Today in Labor History – August 20th

Labor History August 20th

The short-lived National Labor Union (U.S.) was formed on this date and called for the 8-hour workday. The union, led by William H. Sylvis, was the first American labor union to unite skilled and unskilled workers (preceding the Industrial Workers of the World by nearly 40 years). At its height, the union had 640,000 members. – 1866

Sentences were handed down on this date against the Haymarket defendants. All were found guilty despite the obvious innocence of most of them. None were even present at the scene of the bombing at Haymarket Square, Chicago, where activists had been organizing for the 8-hour day. Seven of the eight defendants (George Engel, Samuel Fielden, Adolph Fischer, Louis Lingg, Albert Parsons, Michael Schwab and August Spies) were condemned to death. Oscar Neebe was sent to prison for 15 years. The hangings occurred on November 11, 1887. – 1886

Fourteen weeks after beginning a walkout, the Amalgamated Woodworkers Union of Oshkosh, Wisconsin, ended its strike. – 1898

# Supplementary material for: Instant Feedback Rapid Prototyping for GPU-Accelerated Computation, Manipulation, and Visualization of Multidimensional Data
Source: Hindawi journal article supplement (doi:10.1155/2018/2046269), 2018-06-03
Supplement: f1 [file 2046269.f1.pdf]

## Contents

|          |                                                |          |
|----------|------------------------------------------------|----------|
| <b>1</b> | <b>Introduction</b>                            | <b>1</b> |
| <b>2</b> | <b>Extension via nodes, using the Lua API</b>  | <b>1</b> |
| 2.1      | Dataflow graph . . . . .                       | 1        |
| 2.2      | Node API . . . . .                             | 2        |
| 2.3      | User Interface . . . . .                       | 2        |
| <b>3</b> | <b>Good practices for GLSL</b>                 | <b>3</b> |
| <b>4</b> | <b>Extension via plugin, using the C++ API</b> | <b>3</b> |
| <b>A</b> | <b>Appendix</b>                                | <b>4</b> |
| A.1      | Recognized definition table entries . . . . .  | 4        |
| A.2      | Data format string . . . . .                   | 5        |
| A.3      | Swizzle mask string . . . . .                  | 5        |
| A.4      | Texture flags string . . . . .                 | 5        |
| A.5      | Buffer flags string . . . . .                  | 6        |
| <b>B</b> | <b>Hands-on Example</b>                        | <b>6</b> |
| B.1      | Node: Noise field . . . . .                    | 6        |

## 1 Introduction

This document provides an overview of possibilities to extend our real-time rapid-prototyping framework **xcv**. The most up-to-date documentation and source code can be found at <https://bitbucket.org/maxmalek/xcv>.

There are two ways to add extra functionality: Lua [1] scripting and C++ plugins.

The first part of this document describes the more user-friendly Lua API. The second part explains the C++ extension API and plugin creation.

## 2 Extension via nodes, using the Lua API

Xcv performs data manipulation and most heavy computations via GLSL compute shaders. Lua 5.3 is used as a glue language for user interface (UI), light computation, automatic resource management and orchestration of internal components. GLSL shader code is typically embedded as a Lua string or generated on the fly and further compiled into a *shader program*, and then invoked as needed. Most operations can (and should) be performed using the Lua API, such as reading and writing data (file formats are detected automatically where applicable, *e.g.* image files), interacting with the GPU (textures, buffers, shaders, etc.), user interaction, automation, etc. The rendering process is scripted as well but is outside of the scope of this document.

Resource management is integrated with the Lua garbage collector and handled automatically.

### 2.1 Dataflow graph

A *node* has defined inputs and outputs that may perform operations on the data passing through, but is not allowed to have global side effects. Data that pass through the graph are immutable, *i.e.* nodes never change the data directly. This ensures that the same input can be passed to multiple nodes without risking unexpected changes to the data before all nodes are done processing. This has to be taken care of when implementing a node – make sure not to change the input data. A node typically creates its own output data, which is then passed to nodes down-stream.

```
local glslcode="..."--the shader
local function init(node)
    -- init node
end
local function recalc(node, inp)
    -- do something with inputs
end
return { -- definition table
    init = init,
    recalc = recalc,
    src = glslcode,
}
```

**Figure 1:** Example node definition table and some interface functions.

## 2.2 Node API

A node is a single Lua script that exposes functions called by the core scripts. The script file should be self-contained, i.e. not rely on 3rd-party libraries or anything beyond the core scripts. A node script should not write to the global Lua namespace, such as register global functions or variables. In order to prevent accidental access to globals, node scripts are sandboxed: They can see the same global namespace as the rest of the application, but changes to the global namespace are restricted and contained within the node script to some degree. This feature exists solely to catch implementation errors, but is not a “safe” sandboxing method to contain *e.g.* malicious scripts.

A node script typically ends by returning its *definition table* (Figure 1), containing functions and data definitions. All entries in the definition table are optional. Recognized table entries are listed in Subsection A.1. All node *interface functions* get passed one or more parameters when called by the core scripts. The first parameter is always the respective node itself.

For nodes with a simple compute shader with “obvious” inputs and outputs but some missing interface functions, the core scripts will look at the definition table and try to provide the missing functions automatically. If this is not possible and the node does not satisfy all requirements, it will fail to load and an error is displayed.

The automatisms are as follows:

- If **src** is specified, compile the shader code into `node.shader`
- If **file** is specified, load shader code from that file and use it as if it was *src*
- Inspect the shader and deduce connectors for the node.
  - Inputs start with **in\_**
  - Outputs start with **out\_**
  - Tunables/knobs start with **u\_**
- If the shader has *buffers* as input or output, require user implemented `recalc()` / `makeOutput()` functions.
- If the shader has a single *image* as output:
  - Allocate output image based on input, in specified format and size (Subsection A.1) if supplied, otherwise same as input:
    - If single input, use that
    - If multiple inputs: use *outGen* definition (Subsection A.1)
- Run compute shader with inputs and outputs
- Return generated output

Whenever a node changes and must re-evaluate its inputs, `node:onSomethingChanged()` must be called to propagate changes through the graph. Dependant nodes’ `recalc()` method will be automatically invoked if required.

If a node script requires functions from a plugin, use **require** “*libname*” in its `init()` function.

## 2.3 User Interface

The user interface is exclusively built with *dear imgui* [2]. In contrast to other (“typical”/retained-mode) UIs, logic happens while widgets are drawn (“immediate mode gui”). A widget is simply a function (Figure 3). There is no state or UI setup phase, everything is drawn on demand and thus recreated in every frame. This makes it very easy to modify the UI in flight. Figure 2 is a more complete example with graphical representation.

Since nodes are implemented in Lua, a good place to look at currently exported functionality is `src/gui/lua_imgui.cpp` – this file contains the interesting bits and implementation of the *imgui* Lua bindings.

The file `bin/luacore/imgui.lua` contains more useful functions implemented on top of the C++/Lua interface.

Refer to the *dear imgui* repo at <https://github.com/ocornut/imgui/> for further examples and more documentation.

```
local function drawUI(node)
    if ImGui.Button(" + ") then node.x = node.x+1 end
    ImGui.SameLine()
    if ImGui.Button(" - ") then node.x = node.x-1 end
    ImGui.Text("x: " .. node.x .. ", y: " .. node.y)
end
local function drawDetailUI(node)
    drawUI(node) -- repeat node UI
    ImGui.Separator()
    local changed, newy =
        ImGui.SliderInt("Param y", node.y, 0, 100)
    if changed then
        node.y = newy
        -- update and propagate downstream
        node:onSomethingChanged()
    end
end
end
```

The Industrial Workers of the World (IWW) was engaged in a free-speech fight in Fresno, California. – 1909

The Great Fire of 1910,  (also commonly referred to as the Big Blowup, the Big Burn or the Devil’s Broom fire) was a wildfire that consumed about 3 million acres in Washington, Idaho and Montana—an area about the size of Connecticut. The firestorm burned over two days and killed 87 people, mostly firefighters. It is believed to be the largest, although not the deadliest, fire in U.S. history.  – 1910

An office for the Parrot Mine in Butte, Montana was dynamited on this date. In March 1912, Amalgamated Copper fired 500 miners, accusing them of being Socialists. In December they imposed a blacklist to exclude workers with affiliations to leftist and labor organizations. Pinkerton and Thiel detective agencies infiltrated the union to mark agitators and provoke violence in order to weaken the union. – 1914

Deranged relief postal service carrier Patrick “Crazy Pat” Henry Sherrill shoots and kills 14 coworkers, and wounds another six, before killing himself at an Edmond, Oklahoma, postal facility.  Supervisors had ignored warning signs of Sherrill’s instability, investigators later found; the shootings came a day after he had been reprimanded for poor work.  The incident inspired the objectionable term “going postal”. – 1986

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